Three Digital Americas

Why those who could make a difference don’t realize they need to

Is high-speed internet a necessity for everyone, or just regulators?

We are only halfway through 2015, but it has been a surprising year in the realm of media policy. The FCC’s support of Open Internet rules and the obstacles it provided that led to a failed Comcast/Time Warner merger were surprising events, although not unexpected to me. Knowing the history of U.S. media policy and the state of the current internet-service industry, these policy actions seemed necessary and obvious. But also cognizant of the stranglehold corporate interests have over media policy, I was surprised when good policy and the interests of citizens/consumers won the day.

It soon became clear, however, that these outcomes were both surprising and unexpected to many decision makers in these industries. A tidal wave of articles attempted to explain this unexpected turn of events, and at the big, annual cable/internet trade show in early May, it was clear that the industry had been caught off guard. I was again, surprised; this time because this outcome was so unexpected to astute industry leaders.

Where do the Big Broadband Companies Compete in America Rani Molla, WSJ

In trying to explain this unexpectedness, I came to realize how differently many of these industry leaders experience digital America. When I read claims by industry leaders and pundits of “ample competition” in the lead-up to the FCC rulemaking, I initially assumed it political spin. But as I dug into the matter I realized that competition, though quite limited, does exist. Comcast faces competition from FiOS in 14% of the territories it serves, while — if allowed to merge — New Charter (borne of Charter, Time Warner, and Brighthouse) will face competition in 12%. The key is this competition tends to be in wealthy, metropolitan neighborhoods along the East Coast, i.e. where regulators and industry leaders reside.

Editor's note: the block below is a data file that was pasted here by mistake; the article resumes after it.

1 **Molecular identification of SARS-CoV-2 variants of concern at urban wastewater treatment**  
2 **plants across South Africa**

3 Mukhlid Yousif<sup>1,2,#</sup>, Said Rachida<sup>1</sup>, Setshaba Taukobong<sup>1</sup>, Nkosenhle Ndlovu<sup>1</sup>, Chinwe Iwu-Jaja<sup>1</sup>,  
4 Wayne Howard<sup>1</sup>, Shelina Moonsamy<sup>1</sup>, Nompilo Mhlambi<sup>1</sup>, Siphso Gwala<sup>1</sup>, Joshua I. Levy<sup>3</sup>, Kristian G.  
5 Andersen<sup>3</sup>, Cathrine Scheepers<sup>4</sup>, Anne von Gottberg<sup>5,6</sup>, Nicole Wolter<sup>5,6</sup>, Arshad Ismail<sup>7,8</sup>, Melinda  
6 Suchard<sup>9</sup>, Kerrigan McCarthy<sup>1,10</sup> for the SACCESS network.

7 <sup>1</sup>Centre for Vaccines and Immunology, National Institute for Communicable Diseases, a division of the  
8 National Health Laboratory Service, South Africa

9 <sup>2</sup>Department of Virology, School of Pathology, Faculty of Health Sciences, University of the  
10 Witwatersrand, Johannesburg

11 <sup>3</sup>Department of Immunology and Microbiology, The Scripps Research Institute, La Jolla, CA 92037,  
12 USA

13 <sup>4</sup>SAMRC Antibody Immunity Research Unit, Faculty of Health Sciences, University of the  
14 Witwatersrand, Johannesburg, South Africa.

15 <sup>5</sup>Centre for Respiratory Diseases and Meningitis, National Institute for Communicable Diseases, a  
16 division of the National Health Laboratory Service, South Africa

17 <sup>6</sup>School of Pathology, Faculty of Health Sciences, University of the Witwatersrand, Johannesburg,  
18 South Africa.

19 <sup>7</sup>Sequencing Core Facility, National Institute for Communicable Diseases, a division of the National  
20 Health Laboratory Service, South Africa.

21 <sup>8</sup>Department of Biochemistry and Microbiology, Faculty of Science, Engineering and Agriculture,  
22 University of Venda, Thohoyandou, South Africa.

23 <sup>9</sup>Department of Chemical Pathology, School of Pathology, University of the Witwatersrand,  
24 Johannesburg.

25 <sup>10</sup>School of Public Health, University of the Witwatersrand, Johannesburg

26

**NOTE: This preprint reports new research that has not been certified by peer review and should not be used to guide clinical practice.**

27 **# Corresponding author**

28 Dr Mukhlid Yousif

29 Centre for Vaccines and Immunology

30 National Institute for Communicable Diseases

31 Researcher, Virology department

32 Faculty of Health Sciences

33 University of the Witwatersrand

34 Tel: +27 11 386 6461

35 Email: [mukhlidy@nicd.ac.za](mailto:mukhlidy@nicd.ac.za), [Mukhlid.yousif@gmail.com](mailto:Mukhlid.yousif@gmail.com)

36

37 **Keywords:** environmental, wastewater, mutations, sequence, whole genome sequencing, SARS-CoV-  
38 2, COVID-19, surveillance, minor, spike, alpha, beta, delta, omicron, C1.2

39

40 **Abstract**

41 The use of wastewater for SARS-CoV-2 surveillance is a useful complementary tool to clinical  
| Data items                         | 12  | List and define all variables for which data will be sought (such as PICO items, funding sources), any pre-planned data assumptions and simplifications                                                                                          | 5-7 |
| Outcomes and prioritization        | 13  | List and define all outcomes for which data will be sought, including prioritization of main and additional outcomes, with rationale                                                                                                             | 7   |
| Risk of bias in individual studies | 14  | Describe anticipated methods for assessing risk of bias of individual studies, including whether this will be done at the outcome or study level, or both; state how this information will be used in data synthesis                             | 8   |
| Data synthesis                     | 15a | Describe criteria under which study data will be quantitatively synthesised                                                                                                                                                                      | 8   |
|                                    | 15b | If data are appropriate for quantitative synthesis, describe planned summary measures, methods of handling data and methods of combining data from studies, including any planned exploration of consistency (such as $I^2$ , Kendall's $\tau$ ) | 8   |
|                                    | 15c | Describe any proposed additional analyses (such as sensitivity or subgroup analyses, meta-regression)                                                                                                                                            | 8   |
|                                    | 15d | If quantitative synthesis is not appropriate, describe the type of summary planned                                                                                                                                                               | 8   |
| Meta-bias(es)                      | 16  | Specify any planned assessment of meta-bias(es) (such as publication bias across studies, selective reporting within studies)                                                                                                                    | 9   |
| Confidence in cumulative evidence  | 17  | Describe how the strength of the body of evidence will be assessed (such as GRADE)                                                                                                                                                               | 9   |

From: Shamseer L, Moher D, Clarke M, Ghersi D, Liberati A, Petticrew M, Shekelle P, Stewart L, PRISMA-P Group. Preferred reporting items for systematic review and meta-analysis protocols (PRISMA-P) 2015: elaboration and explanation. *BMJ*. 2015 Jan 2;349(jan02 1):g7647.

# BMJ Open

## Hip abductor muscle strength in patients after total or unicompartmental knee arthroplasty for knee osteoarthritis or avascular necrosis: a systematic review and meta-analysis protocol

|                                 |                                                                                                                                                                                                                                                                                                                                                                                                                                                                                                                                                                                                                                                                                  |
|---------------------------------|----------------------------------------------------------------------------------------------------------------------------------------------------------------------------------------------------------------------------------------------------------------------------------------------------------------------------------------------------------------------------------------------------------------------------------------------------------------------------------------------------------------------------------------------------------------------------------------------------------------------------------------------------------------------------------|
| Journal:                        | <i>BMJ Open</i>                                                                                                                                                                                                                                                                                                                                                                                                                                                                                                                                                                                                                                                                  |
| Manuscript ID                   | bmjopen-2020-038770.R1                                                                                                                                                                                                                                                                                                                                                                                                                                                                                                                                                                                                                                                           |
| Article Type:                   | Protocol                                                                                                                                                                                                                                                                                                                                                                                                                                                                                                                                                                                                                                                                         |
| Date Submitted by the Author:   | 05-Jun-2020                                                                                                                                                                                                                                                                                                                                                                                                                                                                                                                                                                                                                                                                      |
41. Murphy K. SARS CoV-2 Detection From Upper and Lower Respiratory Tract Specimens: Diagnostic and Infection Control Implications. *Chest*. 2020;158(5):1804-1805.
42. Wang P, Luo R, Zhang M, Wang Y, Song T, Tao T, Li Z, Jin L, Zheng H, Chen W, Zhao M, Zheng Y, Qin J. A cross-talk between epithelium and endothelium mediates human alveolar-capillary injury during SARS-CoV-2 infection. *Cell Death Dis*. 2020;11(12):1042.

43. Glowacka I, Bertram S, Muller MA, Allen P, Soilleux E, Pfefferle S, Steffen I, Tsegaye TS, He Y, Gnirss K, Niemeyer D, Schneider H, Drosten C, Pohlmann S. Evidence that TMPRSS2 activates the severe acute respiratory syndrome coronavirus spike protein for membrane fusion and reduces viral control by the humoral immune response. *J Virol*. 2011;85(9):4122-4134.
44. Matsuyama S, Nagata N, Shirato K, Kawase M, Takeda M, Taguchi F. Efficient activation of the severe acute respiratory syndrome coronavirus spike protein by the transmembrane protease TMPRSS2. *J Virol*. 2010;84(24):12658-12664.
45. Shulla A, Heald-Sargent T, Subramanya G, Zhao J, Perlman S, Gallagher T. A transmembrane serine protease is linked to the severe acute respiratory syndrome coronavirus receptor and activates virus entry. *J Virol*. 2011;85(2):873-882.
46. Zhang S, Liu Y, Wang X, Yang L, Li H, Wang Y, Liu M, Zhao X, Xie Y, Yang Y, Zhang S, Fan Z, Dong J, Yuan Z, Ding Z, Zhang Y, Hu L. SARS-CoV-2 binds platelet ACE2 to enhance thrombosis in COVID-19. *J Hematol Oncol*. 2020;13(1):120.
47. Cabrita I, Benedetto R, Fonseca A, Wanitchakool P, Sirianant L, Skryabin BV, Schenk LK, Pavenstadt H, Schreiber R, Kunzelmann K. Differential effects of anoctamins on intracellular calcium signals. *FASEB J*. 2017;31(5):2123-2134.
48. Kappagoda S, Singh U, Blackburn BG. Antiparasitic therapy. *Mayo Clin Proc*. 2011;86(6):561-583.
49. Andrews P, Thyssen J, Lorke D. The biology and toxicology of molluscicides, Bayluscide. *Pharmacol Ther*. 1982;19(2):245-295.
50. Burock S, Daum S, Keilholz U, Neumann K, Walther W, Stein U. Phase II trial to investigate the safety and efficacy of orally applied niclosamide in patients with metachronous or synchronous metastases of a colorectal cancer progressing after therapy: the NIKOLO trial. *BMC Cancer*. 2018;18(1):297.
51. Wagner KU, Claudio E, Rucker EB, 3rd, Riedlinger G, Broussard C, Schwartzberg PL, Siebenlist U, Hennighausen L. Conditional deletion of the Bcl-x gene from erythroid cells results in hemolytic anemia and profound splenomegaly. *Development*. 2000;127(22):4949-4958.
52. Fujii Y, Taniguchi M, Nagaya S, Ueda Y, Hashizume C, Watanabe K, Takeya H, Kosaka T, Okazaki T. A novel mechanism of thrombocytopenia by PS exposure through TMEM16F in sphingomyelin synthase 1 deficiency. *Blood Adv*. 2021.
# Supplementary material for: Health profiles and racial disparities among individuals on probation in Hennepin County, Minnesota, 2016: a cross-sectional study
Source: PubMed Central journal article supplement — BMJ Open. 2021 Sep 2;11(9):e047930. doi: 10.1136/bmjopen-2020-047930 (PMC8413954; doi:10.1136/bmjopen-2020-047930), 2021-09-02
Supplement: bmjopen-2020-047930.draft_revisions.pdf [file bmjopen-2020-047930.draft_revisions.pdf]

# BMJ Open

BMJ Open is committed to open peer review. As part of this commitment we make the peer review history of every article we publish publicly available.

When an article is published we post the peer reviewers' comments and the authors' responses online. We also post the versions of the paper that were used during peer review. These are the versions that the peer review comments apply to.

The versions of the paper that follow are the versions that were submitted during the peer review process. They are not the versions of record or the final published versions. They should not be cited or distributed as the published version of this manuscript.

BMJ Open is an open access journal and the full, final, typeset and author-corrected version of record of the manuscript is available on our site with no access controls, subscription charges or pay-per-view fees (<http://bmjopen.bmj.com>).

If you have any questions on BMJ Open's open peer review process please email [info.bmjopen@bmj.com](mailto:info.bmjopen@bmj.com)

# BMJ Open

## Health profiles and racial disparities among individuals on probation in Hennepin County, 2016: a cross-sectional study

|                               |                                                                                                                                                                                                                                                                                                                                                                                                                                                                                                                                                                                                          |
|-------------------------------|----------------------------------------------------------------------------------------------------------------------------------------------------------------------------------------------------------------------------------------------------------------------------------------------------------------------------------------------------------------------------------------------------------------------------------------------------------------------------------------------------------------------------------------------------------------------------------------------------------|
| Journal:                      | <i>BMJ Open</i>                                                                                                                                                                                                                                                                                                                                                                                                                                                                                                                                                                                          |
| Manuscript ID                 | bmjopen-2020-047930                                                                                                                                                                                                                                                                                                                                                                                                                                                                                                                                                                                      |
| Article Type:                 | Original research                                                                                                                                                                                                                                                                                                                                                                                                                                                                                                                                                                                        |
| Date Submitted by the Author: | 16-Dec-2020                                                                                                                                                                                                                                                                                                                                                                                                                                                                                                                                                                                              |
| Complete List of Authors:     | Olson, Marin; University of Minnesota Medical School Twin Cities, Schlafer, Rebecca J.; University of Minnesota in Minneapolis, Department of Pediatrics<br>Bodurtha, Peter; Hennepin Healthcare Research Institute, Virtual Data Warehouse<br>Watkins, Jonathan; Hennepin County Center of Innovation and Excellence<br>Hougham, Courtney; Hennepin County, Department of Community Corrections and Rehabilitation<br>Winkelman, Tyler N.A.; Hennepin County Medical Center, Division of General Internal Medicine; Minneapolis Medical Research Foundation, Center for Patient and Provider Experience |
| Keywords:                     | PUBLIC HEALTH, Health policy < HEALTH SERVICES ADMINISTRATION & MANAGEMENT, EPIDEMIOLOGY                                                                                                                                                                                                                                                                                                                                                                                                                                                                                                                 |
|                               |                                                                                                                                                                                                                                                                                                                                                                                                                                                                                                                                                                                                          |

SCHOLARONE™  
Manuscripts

Connected Nation, January 2015

The view from southeast Michigan is considerably different. Though Ann Arbor is no backwoods — a college town with two Whole Foods, Uber, and a mere 30-minute drive from the Detroit airport — most can only receive internet service from Comcast, though AT&T offers U-verse in select neighborhoods. The lack of competition leads to higher service fees, less infrastructure upgrade, and slower introduction of technology and devices common in competitive markets. And so it is for most of the country, a very different digital America than the more competitive one industry executives and policymakers live in.

Before I attempt a song of woe for the majority of Americans — though the lack of competition and consistently poor customer service is woeful — it is important to acknowledge the digital reality of the third America, rural America. Though I might complain about the lack of a competitive marketplace, this America longs for service speeds the rest of us would complain about. This digital America registers neither surprise nor expectation over broadband policy actions, only frustration.

One of the FCC commissioners, Michael O’Rielly, recently spoke before the Internet Innovation Alliance, where he opened his talk by listing the technologies he depends on everyday — “Blackberry, smartphone, two tablets, desktop and a laptop computer,” noting that he has “taken advantage of Internet broadband to expand my horizons both as a consumer and a professional.” Later in his remarks, he outlined his policy position, noting, as a bullet point, that “Internet access is not a necessity or human right.” Given his admitted personal techno-reliance, O’Rielly must mean it is not a necessity for other people. Clearly expanded horizons are only meant for a privileged few. O’Rielly, like many others, take for granted their digital experience and probably can’t even imagine the norm in most of the country.

This is one of the key problems with U.S. telecommunication policy at the moment. Those most able to create policies that will bring the reality of wealthy digital enclaves to the rest of America don’t realize how special and uncommon their reality is. Though companies like Comcast, Time Warner, and Charter face competition in a few markets, they only behave competitively in those few places. New rural broadband funding through the USDA announced this summer is a start, but hardly a replacement for a comprehensive national plan to accomplish the goals the President and FCC have set to bring U.S. telecommunication into the 21st century.

Here’s hoping some regulators get out of the city and vacation this summer in the America most of us live in. Then maybe the urgency of national broadband policy that seeks for competition outside the most lucrative neighborhoods will become more apparent. Whether in Washington, DC, Walla Walla, or 20 miles outside of Wichita, affordable, high-speed broadband is the lifeblood of modern communication and commerce. As for the legislators who actually live in and represent the places lacking competition or service, what is taking you so long?